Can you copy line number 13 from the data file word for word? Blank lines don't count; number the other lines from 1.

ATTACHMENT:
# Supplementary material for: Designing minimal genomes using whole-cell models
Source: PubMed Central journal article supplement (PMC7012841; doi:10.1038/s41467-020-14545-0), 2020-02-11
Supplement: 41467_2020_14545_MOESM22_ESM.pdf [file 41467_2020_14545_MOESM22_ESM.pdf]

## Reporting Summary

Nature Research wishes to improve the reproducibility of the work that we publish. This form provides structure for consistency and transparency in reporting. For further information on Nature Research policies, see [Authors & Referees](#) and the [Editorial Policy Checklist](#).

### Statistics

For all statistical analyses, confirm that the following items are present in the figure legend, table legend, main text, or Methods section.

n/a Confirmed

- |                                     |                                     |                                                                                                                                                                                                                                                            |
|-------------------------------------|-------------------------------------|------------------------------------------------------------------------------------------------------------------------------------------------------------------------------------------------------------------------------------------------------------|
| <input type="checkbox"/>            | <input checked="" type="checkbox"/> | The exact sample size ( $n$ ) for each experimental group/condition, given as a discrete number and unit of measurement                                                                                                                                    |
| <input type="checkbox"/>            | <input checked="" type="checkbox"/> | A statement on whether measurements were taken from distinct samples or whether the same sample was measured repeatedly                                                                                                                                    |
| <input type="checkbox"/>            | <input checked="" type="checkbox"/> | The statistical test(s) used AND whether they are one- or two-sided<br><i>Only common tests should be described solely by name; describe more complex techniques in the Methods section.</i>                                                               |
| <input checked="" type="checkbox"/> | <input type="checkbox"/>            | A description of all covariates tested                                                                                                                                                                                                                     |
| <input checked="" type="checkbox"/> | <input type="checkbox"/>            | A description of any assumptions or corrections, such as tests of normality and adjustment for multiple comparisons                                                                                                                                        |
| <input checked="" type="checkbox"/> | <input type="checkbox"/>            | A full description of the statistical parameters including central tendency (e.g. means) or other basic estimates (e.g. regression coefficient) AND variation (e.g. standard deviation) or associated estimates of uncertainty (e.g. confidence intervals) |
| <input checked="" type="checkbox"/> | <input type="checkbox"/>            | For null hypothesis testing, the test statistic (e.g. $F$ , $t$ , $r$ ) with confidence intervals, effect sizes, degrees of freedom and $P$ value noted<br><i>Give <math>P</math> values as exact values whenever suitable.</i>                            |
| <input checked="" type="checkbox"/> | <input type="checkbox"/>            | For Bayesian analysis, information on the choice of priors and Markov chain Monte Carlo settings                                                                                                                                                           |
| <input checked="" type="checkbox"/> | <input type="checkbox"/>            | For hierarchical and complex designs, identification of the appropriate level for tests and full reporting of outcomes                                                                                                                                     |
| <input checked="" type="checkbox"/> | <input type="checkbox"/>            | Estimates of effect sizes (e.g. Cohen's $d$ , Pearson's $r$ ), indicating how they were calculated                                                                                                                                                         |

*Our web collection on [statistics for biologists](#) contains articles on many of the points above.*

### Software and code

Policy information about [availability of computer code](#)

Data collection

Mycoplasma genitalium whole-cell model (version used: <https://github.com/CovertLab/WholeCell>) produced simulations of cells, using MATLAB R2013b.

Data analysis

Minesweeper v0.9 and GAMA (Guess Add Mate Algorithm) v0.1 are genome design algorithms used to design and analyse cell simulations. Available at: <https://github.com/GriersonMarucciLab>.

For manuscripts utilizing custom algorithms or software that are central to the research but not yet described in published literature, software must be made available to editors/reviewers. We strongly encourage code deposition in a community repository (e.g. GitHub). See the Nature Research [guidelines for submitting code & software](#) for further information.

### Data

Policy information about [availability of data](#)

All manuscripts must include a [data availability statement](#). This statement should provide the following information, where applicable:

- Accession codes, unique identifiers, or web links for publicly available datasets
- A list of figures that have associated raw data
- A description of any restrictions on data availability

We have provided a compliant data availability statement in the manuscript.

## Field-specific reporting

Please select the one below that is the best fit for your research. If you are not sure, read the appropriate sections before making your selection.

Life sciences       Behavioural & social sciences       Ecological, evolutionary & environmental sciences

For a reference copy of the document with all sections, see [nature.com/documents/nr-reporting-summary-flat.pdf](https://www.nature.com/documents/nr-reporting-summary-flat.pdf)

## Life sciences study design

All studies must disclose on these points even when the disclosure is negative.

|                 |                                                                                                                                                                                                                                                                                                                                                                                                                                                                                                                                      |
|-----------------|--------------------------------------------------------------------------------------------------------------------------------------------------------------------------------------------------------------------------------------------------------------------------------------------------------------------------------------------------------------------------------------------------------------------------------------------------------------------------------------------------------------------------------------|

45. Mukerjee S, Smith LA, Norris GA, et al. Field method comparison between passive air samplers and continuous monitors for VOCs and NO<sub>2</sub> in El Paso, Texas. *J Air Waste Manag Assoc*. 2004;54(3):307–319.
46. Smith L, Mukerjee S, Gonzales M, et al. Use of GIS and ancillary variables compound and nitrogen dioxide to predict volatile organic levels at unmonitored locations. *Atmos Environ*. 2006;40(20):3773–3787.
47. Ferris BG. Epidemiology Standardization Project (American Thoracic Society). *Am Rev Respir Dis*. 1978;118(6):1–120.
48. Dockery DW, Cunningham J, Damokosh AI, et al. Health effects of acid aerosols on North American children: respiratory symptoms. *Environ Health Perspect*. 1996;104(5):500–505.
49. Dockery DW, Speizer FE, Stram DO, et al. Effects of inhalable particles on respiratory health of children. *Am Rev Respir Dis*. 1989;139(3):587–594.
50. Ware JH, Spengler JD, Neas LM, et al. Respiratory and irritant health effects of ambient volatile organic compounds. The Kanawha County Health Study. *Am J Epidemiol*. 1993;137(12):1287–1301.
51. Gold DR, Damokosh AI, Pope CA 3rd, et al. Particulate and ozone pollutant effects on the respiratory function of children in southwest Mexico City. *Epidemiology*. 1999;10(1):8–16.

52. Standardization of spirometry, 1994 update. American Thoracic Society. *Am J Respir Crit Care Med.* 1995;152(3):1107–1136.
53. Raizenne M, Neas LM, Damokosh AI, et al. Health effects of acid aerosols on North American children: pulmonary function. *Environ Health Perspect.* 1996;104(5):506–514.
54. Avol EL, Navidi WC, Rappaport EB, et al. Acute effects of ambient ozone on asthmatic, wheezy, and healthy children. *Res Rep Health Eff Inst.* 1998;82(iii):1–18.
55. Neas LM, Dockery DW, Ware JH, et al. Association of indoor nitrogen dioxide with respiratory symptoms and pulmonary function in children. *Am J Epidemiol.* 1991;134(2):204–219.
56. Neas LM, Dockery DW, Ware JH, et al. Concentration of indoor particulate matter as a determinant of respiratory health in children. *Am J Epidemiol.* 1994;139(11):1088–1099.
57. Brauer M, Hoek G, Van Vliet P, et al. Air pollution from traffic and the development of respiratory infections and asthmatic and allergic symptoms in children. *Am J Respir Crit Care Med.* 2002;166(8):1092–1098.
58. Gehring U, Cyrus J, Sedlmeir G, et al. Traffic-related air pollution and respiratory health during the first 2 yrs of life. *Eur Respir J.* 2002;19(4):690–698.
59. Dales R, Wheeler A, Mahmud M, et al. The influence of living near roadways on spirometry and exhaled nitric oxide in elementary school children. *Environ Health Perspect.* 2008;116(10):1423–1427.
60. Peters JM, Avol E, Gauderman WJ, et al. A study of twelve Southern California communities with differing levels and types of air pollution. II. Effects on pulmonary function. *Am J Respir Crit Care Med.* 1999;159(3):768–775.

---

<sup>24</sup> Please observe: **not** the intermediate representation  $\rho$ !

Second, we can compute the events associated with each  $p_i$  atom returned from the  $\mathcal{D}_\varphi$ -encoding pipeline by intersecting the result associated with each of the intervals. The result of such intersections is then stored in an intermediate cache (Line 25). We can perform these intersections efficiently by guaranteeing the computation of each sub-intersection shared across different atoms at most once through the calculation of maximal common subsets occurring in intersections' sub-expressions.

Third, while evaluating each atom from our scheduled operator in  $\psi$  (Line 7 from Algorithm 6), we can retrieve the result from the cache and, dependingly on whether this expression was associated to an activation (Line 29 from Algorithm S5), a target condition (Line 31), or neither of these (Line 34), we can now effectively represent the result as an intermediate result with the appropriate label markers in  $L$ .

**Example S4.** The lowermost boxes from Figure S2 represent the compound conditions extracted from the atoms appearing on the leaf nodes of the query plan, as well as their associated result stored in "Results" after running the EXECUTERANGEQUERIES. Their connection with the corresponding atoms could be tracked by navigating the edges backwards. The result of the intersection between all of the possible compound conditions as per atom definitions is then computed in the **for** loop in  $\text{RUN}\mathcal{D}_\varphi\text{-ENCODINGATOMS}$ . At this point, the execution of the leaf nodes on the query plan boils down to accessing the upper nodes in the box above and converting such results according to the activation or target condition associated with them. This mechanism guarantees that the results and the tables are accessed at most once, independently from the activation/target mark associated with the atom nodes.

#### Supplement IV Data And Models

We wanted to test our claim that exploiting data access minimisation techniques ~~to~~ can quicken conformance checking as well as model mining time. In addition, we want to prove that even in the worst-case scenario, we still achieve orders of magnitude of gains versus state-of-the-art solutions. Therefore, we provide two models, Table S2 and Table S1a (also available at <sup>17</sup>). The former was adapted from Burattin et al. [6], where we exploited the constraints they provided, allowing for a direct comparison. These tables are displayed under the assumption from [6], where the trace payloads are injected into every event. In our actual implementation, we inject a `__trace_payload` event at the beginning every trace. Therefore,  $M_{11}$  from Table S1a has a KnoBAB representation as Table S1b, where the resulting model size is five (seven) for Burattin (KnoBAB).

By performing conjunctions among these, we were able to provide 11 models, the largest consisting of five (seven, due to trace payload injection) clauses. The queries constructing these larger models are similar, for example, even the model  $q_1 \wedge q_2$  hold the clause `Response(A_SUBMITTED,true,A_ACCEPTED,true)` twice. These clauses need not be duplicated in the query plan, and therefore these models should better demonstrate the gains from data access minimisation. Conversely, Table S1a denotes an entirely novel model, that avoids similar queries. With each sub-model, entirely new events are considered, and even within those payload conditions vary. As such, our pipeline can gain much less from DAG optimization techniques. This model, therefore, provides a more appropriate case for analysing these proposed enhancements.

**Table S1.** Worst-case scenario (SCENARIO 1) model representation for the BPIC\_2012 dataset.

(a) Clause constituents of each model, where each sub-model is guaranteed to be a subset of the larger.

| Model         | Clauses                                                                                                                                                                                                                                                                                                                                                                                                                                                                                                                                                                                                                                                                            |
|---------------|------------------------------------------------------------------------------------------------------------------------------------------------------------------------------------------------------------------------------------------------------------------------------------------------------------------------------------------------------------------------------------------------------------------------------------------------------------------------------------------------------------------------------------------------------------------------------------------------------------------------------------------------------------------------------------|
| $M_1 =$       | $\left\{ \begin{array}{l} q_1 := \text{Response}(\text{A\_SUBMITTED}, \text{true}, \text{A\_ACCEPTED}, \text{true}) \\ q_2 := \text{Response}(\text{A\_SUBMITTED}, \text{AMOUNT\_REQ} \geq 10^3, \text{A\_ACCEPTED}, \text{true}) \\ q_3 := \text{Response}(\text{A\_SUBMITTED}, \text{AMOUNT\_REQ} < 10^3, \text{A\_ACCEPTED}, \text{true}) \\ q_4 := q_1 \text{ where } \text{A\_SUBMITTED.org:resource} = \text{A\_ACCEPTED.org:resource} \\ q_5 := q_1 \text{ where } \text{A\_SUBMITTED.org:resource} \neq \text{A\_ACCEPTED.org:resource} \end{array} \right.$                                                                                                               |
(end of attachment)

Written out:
| <input type="checkbox"/>            | <input checked="" type="checkbox"/> | The statistical test(s) used AND whether they are one- or two-sided<br><i>Only common tests should be described solely by name; describe more complex techniques in the Methods section.</i>                                                               |